The Ghost of Edmund Ruffin
I hope this is just Bush playing to the base, with a plan he has no intention of really pursuing. But even if that's the case, it's cheap, cruel, and frittering away another chance to bring the country toward dialogue and away from internal confrontation. And it's frittering away me. I've been supporting the administration almost entirely based on foreign policy. The domestic side is pretty dreadful.
I've been impressed by the photos from San Francisco. Average people, dressed in tuxedos and wedding gowns, or business suits, or jeans and flannel shirts, lining up to get a simple piece of paper that validates their emotional attachments. Who is harmed by that? Images like that, if they have enough time to seep into the public consciousness, will change more minds than any argument, however logical.
25th. (Christmas-day). To church in the morning, and there saw a wedding in the church, which I have not seen many a day; and the young people so merry one with another, and strange to see what delight we married people have to these poor fools decoyed into our condition, every man and woman gazing and smiling at them. [Samuel Pepys, Diary, December 25, 1665]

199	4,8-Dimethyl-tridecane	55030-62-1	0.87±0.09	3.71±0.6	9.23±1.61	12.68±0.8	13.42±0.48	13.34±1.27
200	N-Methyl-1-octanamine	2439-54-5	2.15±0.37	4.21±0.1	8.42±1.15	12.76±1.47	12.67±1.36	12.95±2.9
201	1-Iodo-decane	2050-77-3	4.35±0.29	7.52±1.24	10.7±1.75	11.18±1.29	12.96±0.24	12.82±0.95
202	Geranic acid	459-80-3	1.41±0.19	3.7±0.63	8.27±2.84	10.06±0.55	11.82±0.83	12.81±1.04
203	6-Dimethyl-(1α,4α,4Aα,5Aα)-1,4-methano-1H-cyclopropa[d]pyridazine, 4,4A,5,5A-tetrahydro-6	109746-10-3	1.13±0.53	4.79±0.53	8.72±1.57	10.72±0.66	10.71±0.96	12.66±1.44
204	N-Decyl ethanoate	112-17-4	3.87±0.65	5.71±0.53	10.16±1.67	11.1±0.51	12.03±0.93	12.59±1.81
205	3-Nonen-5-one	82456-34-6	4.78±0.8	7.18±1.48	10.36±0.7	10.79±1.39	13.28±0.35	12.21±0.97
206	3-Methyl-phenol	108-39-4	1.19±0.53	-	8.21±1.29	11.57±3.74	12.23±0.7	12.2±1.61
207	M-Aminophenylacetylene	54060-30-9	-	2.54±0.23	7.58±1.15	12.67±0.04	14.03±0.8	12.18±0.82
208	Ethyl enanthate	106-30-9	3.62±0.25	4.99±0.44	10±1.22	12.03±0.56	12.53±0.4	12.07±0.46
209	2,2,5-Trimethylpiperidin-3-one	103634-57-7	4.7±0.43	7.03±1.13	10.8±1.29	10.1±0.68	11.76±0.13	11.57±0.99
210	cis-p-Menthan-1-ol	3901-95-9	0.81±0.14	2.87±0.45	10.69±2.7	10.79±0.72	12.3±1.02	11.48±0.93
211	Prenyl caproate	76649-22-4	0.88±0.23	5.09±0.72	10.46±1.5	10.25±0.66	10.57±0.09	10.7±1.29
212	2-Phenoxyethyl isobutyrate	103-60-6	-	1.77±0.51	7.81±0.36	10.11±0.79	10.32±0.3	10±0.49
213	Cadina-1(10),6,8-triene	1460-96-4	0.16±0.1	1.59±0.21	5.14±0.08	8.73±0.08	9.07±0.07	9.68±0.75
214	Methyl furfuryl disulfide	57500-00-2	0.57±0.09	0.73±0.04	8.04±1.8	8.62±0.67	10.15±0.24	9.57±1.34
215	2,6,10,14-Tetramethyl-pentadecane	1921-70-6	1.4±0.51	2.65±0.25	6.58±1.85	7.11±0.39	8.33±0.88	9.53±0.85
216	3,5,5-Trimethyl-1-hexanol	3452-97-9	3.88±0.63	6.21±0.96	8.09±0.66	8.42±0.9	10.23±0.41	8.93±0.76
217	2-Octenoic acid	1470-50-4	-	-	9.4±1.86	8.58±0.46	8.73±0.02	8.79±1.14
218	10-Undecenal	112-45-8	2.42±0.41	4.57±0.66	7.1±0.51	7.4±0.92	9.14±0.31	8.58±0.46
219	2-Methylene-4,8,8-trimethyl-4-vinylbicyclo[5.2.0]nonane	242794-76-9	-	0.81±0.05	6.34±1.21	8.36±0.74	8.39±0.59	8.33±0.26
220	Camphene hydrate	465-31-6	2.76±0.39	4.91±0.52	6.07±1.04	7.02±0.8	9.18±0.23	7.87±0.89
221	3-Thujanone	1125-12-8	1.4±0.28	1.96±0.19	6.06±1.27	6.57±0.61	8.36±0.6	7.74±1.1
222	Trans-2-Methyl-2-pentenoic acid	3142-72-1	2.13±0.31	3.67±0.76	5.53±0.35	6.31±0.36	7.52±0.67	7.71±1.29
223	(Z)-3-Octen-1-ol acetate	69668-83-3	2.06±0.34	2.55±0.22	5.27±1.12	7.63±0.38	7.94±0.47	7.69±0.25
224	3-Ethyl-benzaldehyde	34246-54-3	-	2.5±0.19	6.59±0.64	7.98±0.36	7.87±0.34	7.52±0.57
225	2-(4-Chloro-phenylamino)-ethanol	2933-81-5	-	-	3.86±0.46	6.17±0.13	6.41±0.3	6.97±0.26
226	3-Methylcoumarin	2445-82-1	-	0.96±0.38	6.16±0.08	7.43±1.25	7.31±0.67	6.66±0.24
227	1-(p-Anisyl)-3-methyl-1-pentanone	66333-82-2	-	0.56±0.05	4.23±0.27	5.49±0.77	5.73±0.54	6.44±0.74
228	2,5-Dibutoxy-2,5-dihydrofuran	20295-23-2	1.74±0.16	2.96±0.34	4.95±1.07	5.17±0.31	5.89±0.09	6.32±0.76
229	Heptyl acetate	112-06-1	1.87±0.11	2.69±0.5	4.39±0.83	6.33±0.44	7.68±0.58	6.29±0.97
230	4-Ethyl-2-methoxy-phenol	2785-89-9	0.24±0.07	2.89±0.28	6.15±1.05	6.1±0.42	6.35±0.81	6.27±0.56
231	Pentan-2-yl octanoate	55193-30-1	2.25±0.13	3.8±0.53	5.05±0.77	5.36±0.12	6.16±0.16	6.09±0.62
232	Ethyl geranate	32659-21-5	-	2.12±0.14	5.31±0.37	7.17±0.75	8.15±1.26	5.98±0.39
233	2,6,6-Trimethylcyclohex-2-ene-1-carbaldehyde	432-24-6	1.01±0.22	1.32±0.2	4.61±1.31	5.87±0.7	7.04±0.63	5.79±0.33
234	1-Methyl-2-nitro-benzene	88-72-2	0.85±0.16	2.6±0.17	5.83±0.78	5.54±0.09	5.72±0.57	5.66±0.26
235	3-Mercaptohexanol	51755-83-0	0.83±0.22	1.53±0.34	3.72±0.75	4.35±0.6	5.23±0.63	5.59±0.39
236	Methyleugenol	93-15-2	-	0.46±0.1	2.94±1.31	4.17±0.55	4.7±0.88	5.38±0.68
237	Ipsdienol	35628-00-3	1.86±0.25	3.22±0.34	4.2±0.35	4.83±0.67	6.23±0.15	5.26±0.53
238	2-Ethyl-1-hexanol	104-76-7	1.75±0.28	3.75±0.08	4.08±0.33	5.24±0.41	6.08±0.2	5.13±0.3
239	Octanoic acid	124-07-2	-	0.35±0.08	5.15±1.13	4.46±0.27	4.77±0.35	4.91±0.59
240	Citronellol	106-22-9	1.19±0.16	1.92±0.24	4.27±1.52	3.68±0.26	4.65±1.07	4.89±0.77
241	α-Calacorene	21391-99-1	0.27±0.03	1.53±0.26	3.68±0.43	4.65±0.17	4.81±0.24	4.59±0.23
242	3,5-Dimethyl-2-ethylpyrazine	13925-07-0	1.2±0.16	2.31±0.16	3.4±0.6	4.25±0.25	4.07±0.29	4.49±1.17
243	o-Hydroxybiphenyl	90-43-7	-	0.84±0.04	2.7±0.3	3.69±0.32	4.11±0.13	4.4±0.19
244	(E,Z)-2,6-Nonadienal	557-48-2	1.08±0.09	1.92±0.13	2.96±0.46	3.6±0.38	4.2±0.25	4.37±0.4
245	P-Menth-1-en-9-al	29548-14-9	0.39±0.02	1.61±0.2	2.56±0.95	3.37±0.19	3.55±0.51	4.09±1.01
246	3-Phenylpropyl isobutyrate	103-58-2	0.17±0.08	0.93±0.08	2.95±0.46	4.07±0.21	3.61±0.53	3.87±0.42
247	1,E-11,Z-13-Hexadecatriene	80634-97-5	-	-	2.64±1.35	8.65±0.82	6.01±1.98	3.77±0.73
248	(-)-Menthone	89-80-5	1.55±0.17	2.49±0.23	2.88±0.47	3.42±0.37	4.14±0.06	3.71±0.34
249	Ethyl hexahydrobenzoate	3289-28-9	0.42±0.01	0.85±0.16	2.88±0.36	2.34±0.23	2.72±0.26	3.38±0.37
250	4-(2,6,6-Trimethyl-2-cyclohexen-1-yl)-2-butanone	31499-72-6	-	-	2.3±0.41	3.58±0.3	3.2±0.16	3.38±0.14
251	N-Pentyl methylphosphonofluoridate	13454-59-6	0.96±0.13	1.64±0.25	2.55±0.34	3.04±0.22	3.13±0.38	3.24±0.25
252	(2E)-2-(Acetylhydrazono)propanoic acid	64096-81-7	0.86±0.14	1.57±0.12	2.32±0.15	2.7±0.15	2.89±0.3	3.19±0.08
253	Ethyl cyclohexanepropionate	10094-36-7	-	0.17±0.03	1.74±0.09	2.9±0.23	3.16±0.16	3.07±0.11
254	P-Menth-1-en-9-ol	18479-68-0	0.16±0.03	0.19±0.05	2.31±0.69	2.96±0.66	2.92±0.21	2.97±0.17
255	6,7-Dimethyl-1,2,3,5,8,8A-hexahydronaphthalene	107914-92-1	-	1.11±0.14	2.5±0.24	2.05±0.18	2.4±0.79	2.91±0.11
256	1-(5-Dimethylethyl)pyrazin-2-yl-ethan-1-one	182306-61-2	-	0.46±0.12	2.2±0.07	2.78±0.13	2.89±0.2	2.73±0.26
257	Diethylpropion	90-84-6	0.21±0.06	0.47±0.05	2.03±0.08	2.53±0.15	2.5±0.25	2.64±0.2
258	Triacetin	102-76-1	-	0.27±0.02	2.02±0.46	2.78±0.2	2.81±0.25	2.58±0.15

The Santorum objection -- that allowing gays to marry with lead to a slippery slope of condoned bestiality and paedophilia -- seems to be easily answered by defining marriage/civil union (on the state level) as a contract between consenting adults. The other objection I can see is to San Francisco's flouting of state law; a bit of "nullification" on an odd modern context. The ghost of Edmund Ruffin walks Castro Street at midnight. Civil disobedience isn't the answer to every bad law, but this one, again, seems to harm no one.
It irks me to read that the GOP pulled this wedge issue stunt "to appeal to conservatives." One of the core definitions of a conservative is someone who has a strong respect for the Constitution as it was written, and one who tends to support state's rights. This amendment proposal is poison to them.